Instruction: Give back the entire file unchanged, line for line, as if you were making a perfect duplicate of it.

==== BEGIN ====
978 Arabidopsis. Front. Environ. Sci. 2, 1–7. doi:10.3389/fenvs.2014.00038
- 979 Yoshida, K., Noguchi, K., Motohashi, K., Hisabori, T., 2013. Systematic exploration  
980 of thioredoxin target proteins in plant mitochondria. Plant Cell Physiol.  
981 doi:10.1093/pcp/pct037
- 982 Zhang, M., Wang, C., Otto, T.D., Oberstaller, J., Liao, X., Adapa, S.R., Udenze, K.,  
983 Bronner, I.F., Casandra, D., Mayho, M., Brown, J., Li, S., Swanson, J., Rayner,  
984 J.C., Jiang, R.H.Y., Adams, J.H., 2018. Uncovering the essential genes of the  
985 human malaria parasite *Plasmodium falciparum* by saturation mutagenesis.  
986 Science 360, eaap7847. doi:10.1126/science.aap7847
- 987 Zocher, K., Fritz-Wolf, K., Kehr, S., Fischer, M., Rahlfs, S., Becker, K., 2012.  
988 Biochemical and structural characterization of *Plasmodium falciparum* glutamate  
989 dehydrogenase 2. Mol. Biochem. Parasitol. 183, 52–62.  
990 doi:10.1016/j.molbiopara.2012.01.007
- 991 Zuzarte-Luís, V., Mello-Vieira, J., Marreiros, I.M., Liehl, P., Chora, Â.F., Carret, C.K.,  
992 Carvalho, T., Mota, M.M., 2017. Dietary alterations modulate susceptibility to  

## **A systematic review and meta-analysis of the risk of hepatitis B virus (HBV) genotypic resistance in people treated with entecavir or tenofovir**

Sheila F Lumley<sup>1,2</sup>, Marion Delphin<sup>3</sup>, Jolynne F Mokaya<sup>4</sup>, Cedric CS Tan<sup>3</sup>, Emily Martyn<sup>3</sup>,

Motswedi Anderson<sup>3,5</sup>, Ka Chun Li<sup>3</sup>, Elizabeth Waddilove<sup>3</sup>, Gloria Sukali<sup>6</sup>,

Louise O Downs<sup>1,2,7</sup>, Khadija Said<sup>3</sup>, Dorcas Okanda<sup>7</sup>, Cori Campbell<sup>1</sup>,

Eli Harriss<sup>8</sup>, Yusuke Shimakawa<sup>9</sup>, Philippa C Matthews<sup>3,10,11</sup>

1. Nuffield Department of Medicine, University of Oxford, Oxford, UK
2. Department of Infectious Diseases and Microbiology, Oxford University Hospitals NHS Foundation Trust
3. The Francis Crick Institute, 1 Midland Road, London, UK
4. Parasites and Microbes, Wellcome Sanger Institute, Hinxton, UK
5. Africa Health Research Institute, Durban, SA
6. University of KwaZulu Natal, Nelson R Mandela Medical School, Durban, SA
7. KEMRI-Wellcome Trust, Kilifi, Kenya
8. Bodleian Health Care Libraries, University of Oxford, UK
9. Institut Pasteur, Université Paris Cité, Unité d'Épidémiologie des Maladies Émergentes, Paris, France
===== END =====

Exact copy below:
978 Arabidopsis. Front. Environ. Sci. 2, 1–7. doi:10.3389/fenvs.2014.00038
- 979 Yoshida, K., Noguchi, K., Motohashi, K., Hisabori, T., 2013. Systematic exploration  
980 of thioredoxin target proteins in plant mitochondria. Plant Cell Physiol.  
981 doi:10.1093/pcp/pct037
- 982 Zhang, M., Wang, C., Otto, T.D., Oberstaller, J., Liao, X., Adapa, S.R., Udenze, K.,  
983 Bronner, I.F., Casandra, D., Mayho, M., Brown, J., Li, S., Swanson, J., Rayner,  
984 J.C., Jiang, R.H.Y., Adams, J.H., 2018. Uncovering the essential genes of the  
985 human malaria parasite *Plasmodium falciparum* by saturation mutagenesis.  
986 Science 360, eaap7847. doi:10.1126/science.aap7847
- 987 Zocher, K., Fritz-Wolf, K., Kehr, S., Fischer, M., Rahlfs, S., Becker, K., 2012.  
988 Biochemical and structural characterization of *Plasmodium falciparum* glutamate  
989 dehydrogenase 2. Mol. Biochem. Parasitol. 183, 52–62.  
990 doi:10.1016/j.molbiopara.2012.01.007
- 991 Zuzarte-Luís, V., Mello-Vieira, J., Marreiros, I.M., Liehl, P., Chora, Â.F., Carret, C.K.,  
992 Carvalho, T., Mota, M.M., 2017. Dietary alterations modulate susceptibility to  

## **A systematic review and meta-analysis of the risk of hepatitis B virus (HBV) genotypic resistance in people treated with entecavir or tenofovir**

Sheila F Lumley<sup>1,2</sup>, Marion Delphin<sup>3</sup>, Jolynne F Mokaya<sup>4</sup>, Cedric CS Tan<sup>3</sup>, Emily Martyn<sup>3</sup>,

Motswedi Anderson<sup>3,5</sup>, Ka Chun Li<sup>3</sup>, Elizabeth Waddilove<sup>3</sup>, Gloria Sukali<sup>6</sup>,

Louise O Downs<sup>1,2,7</sup>, Khadija Said<sup>3</sup>, Dorcas Okanda<sup>7</sup>, Cori Campbell<sup>1</sup>,

Eli Harriss<sup>8</sup>, Yusuke Shimakawa<sup>9</sup>, Philippa C Matthews<sup>3,10,11</sup>

1. Nuffield Department of Medicine, University of Oxford, Oxford, UK
2. Department of Infectious Diseases and Microbiology, Oxford University Hospitals NHS Foundation Trust
3. The Francis Crick Institute, 1 Midland Road, London, UK
4. Parasites and Microbes, Wellcome Sanger Institute, Hinxton, UK
5. Africa Health Research Institute, Durban, SA
6. University of KwaZulu Natal, Nelson R Mandela Medical School, Durban, SA
7. KEMRI-Wellcome Trust, Kilifi, Kenya
8. Bodleian Health Care Libraries, University of Oxford, UK
9. Institut Pasteur, Université Paris Cité, Unité d'Épidémiologie des Maladies Émergentes, Paris, France